When Lance got on with NSB we decided to do the orange collabs, a film and so forth. It was a great interlude. Over the years I’ve been fortunate to be involved with a number of other interestingly varied endeavors with Nike. Aqua Socks with Laird Hamilton, Stages with Lance Armstrong, murals with Jason Maloney, Savier with Sandy Bodecker, Shaun White and Aaron Astorga, SB with Hunter Muraira, Michael Leon and Kevin Imamura, SF boot development, museum exhibitions with Jason “Sidewalk” Cohn, Phantom projects with Mark Parker and the Hurleys. I also collaborated with Lebron James on another classic project which produced some very forward and different boots. These days I experiment with Omar Salazar up in the Stockton Kitchen.

Trashfilter: What does your day-to-day life entail these days? Have artistic endeavors taken over your skating and surfing time – or do you still take time out to go for a roll around?

CR Stecyk: Tinkering about is my typical occupation. There aren’t any rules to it beyond staying interested. I meander through things and generally make a mess. Specific purpose built equipment has been known to result from these forays. I don’t regard any of the above as being art related per se. Such aesthetic values are conferred by the viewer. When you screw up bad it can all end up in a marble mausoleum or the trash receptacle. Each is a worthy temple. I favor sitting in the last seat on the short bus where there is no particular route. So surfing, skating, bikes are perennial standard deployments.

How did you get involved with the good folk at Hurley? Is your new film – which we’ll get to shortly – part of a long-term working relationship between you both?

I originally met Bob Hurley via surfboard building. His shapes were always thought provoking and he sponsored several riders that I was close to. So over years we eventually indexed on various projects. There is an open art atelier, a recording studio and a shaping facility that the Hurley brothers and sons maintain where they invite different people to come in and work.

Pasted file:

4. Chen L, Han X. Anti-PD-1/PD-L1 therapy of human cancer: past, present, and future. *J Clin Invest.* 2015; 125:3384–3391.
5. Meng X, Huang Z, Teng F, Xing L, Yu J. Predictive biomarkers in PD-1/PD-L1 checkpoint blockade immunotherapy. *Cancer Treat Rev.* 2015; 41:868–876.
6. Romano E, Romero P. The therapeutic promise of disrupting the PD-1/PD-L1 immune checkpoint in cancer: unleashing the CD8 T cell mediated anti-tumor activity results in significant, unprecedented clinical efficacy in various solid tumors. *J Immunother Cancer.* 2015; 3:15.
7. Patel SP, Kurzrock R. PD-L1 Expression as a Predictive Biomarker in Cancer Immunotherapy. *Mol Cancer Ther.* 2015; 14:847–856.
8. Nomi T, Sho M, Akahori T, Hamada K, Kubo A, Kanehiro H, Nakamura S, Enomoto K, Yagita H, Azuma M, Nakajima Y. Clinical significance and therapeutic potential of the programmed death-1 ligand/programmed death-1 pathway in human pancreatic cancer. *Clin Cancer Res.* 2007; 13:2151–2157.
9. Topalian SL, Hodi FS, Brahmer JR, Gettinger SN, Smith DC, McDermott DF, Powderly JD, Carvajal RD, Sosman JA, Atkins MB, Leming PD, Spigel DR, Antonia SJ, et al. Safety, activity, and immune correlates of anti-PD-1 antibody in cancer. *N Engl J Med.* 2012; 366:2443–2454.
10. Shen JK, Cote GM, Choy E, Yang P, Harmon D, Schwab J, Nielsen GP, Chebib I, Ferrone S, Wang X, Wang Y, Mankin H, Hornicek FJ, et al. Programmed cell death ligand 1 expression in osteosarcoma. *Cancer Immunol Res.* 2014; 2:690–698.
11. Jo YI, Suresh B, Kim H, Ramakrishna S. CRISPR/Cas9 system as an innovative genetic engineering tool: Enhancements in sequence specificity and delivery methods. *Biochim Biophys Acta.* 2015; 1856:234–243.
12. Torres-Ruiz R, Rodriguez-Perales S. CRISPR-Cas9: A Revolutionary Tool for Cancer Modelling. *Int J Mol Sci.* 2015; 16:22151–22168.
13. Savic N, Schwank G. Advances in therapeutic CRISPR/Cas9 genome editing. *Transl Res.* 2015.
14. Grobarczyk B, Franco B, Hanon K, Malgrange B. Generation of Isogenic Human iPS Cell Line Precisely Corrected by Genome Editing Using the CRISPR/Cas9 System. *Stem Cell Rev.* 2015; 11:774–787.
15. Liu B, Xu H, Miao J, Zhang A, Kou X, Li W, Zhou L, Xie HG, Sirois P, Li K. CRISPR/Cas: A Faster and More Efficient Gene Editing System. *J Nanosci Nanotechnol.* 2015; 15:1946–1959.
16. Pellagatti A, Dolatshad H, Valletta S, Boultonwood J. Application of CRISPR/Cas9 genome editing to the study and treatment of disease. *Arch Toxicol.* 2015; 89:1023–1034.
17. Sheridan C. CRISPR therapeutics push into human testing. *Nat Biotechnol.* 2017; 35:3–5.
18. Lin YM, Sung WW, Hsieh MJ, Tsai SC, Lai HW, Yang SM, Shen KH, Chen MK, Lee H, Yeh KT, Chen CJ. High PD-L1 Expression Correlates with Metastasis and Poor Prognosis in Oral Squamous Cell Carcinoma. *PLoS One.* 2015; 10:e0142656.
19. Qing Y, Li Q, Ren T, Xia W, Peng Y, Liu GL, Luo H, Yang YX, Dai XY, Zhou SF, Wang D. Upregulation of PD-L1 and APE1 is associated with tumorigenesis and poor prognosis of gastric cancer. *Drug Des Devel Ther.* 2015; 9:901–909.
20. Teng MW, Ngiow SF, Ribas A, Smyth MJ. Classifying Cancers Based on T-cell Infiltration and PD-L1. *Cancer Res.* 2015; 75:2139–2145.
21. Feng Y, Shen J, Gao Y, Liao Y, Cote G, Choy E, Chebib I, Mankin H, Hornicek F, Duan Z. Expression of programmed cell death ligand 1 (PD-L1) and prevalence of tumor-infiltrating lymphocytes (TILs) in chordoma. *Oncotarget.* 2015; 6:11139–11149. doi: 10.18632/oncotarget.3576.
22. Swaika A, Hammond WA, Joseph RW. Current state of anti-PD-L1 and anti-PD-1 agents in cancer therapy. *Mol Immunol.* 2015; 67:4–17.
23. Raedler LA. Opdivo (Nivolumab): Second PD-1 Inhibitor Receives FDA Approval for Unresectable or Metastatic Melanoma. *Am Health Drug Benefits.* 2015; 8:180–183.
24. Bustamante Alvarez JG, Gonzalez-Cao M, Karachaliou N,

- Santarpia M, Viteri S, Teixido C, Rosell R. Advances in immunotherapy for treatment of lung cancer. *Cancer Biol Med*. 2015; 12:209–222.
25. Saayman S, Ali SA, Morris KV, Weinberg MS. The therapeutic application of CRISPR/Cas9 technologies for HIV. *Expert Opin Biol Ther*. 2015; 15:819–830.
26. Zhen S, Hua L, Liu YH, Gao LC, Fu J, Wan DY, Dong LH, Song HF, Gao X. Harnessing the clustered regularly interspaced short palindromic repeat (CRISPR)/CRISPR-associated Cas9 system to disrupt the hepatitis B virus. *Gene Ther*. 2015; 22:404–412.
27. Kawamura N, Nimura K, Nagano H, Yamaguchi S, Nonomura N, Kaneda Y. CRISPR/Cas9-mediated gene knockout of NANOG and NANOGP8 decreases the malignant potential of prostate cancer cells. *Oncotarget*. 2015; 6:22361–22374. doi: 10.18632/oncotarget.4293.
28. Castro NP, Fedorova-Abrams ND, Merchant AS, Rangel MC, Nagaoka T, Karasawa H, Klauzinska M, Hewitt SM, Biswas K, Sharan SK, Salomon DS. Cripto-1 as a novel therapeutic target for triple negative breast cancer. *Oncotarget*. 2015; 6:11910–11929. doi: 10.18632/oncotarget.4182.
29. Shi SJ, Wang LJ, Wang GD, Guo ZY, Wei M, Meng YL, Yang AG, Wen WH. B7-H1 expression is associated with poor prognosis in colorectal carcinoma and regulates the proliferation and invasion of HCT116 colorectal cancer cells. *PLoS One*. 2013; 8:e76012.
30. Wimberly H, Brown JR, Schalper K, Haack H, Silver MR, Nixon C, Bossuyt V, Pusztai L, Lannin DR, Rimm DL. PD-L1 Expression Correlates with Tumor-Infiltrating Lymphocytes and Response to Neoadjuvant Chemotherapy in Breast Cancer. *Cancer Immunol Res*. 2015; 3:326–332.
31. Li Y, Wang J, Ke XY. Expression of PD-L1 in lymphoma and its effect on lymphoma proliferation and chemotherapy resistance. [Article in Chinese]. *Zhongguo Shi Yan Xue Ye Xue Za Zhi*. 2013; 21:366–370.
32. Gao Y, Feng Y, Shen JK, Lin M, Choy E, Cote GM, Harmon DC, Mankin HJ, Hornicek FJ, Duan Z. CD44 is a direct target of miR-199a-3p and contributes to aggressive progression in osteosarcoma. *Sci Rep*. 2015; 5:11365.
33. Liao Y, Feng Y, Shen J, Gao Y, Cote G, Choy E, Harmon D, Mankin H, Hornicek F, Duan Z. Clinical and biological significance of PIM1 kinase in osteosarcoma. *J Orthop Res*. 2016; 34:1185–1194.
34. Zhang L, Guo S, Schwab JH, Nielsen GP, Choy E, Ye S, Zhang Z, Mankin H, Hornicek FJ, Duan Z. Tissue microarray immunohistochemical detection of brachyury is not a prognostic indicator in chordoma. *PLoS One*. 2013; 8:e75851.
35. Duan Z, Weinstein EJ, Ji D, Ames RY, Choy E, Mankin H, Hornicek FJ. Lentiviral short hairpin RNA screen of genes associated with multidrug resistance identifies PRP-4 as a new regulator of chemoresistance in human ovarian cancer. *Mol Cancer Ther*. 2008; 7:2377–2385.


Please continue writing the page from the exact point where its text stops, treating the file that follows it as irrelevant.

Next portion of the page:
My film Fin reflects that unstructured architecture both literally and figuratively. It is intended to evoke the feeling of getting lost in the woods when you wander off the trail to Grandmother’s house. More precisely when I was working in Hurley’s recording space I began a dialogue with individuals like Mike Ness and SxDX, the Honey Badgers, Steve Alba and the Powerflex Five, Julian Ness and the Breakdowns. I tend to film everyday and had captured images of these aforementioned talents.

Another major mover in the evolution of Fin is Jason Maloney whose studio I was sleeping in down there in the previously described creative compound in Costa Mesa’s Velcro Valley. I awoke from one such slumber to have Maloney spontaneously declare, “You should make a movie out of what you do every day.” So I did, Fin is a musing on non-aligned innovation and adaptation. The previously mentioned musicians provided the score and are also profiled on screen. Tyler Hatzikian and Roland Sands are also prime contributors to Fin, and I spend considerable time in their maisons du fabrication. What you see is what we all get after.

What’s forthcoming from the House of Stecyk for the rest of 2012 and beyond?

Fin is scheduled to roll out to H Spaces in Tokyo, San Sebastian, Sao Paulo, Sydney, Bali and Cape Town. I am also involved with a three hundred plus mile per hour motorcycle project with RSD, and separate developmental surfboard composite construction projects at Tyler Surfboards and with the Hurley Brothers and Sons. Gallery exhibitions that I will be doing include Devil’s Highway at 225 Forest in Laguna Beach and Juxtapoz Turns 18 at Copro Fine Arts in Santa Monica, California.

There is also a film made by Stacy Peralta that I have work therein and also appear. It is called Bones Brigade; An Autobiography , and it just debuted at Sundance and the Santa Barbara Film Festival. There is a tour being developed that would involve further premieres etc. for that.

Trashfilter: Your new short film, Fin… tell us about that. I’ve read notes online, watched the trailer and tried to clue myself up on what’s happening here, but it needs the master’s voice to bring it to life for me. ‘Amorphous and always evolving‘ (taken from the press release) sounds like the nature of skating and boardsports in general.

CR Stecyk: Fin has no beginning or end and is adaptable and expandable. It is not a product it is more of an experience that morphs as it lives. It reflects the artisan atelier culture that my associates inhabit. Fin will conceptually continue to change and adapt as further people discover it and recombine its elements. Mathematically it has already received enough basal exposure on the Internet that its eventual aggregate audience is infinite.

This is the nature of a viral art form, it inevitably transforms from the initial millions of impressions into an entity of its own choosing that inperceivably inhabits the firmament which encompasses all.